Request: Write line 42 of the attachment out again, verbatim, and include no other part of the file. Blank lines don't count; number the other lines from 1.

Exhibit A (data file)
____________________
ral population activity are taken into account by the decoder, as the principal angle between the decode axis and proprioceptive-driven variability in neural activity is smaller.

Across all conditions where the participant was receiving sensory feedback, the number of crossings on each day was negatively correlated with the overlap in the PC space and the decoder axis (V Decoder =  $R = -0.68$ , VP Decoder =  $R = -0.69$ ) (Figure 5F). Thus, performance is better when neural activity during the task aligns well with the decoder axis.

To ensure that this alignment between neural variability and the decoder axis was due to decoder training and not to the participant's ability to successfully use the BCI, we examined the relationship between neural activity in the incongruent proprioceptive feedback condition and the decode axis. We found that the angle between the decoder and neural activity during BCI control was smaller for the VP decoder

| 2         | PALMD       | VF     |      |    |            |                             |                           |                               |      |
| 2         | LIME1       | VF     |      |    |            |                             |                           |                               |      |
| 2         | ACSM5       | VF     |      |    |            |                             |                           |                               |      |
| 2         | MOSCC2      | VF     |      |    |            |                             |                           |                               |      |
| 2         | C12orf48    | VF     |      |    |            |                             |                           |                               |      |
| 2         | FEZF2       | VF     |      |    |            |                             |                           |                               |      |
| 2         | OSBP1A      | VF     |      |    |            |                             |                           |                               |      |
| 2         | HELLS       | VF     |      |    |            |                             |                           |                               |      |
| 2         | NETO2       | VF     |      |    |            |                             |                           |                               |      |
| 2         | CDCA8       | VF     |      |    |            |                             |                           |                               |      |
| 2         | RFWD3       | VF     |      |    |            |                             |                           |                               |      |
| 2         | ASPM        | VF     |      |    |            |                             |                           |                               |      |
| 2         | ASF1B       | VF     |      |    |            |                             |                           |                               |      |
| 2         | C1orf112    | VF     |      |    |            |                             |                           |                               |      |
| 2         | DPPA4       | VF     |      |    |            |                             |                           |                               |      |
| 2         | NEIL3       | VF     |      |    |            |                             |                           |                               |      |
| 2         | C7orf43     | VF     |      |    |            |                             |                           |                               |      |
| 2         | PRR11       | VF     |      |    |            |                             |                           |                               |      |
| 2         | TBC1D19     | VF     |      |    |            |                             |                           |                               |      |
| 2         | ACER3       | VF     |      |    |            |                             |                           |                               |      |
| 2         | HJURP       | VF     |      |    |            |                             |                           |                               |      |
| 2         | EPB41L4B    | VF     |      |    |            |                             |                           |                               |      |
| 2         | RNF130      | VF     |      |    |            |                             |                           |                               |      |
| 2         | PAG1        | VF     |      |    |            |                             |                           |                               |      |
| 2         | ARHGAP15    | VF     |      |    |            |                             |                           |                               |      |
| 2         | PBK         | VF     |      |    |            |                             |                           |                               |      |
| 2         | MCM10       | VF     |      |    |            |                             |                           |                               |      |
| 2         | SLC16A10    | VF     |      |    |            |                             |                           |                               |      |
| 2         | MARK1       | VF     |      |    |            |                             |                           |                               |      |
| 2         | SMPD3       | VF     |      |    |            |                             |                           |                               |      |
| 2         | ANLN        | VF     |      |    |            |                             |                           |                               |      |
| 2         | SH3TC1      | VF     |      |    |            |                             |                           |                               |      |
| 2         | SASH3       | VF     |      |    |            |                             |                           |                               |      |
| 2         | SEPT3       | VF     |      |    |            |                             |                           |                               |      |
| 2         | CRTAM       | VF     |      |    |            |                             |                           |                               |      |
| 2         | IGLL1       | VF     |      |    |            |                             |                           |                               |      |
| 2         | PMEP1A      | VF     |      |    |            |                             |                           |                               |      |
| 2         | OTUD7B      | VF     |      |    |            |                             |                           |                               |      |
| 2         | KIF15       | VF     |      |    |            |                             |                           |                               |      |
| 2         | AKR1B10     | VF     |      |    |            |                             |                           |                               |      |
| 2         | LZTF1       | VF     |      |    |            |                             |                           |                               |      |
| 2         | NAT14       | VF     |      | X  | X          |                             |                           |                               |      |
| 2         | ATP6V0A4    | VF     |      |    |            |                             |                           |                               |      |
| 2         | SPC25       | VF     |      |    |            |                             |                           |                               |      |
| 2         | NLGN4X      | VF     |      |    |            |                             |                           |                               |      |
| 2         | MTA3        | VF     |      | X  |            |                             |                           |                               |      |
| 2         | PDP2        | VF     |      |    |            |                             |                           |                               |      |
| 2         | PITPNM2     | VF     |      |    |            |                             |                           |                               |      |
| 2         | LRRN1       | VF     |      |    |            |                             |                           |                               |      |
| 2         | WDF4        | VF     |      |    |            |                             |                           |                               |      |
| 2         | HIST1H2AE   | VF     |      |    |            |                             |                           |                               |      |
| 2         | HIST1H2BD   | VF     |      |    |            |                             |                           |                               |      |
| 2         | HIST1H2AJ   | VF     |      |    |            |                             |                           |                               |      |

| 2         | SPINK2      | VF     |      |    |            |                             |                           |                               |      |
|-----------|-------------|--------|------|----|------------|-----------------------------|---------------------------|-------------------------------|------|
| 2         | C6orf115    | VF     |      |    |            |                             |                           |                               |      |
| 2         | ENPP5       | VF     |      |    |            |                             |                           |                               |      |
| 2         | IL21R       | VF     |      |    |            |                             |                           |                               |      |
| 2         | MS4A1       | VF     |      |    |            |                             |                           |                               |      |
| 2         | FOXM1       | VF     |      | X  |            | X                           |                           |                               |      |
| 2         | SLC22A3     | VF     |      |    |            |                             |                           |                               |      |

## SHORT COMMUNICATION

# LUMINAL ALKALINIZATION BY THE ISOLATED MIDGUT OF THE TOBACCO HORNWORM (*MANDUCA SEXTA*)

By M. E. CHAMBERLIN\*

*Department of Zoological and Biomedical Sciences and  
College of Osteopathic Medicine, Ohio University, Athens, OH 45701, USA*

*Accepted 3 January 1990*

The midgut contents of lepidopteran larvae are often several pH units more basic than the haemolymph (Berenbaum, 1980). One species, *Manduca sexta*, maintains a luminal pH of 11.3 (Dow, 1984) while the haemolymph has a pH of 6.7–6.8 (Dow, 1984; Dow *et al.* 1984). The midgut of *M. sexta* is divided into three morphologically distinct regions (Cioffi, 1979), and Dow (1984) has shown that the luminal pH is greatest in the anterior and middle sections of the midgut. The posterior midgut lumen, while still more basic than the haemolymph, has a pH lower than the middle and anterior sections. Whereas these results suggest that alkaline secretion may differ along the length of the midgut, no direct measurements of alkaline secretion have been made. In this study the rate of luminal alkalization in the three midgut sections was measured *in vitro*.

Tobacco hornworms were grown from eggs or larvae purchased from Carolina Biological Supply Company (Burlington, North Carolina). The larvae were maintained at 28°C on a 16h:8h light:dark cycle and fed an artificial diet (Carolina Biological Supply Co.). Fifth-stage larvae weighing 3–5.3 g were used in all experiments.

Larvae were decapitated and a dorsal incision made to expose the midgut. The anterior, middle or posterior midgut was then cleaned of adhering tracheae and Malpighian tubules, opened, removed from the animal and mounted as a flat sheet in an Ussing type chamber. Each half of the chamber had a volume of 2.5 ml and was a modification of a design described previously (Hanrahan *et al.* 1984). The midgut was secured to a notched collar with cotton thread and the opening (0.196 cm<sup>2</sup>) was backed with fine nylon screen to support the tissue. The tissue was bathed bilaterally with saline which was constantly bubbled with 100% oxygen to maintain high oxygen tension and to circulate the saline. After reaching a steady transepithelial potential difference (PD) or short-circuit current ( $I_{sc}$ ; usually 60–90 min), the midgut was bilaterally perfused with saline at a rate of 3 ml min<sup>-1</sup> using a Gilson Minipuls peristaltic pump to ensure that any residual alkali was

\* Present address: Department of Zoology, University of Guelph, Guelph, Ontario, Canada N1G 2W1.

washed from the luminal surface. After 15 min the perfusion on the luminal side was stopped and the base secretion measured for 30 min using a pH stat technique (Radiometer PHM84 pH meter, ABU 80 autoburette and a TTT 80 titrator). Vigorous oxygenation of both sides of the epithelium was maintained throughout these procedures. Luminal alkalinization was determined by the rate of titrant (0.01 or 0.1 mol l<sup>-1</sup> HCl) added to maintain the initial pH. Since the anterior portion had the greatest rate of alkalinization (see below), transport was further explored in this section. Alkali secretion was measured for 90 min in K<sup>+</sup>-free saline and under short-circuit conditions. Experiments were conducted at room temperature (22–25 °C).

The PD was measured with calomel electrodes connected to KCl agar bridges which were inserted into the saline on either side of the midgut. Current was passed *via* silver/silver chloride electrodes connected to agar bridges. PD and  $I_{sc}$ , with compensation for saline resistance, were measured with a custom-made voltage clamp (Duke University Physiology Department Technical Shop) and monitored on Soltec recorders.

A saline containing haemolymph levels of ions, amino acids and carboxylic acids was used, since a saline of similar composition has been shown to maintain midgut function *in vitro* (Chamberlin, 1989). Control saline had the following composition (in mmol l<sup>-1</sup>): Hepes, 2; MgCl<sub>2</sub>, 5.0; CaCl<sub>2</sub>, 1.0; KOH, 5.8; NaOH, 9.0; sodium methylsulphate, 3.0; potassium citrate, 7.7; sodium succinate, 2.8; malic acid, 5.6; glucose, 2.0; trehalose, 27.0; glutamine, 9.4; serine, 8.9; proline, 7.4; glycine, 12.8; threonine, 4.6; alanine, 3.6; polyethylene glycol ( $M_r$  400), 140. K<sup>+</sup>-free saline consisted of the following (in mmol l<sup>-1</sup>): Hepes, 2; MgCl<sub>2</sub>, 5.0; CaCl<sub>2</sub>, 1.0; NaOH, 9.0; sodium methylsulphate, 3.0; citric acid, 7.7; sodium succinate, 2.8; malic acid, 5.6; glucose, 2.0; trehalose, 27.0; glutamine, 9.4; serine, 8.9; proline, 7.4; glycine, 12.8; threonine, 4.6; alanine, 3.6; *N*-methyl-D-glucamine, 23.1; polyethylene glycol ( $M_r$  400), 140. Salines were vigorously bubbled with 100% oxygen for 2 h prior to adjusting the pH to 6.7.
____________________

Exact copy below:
| 2         | KIF15       | VF     |      |    |            |                             |                           |                               |      |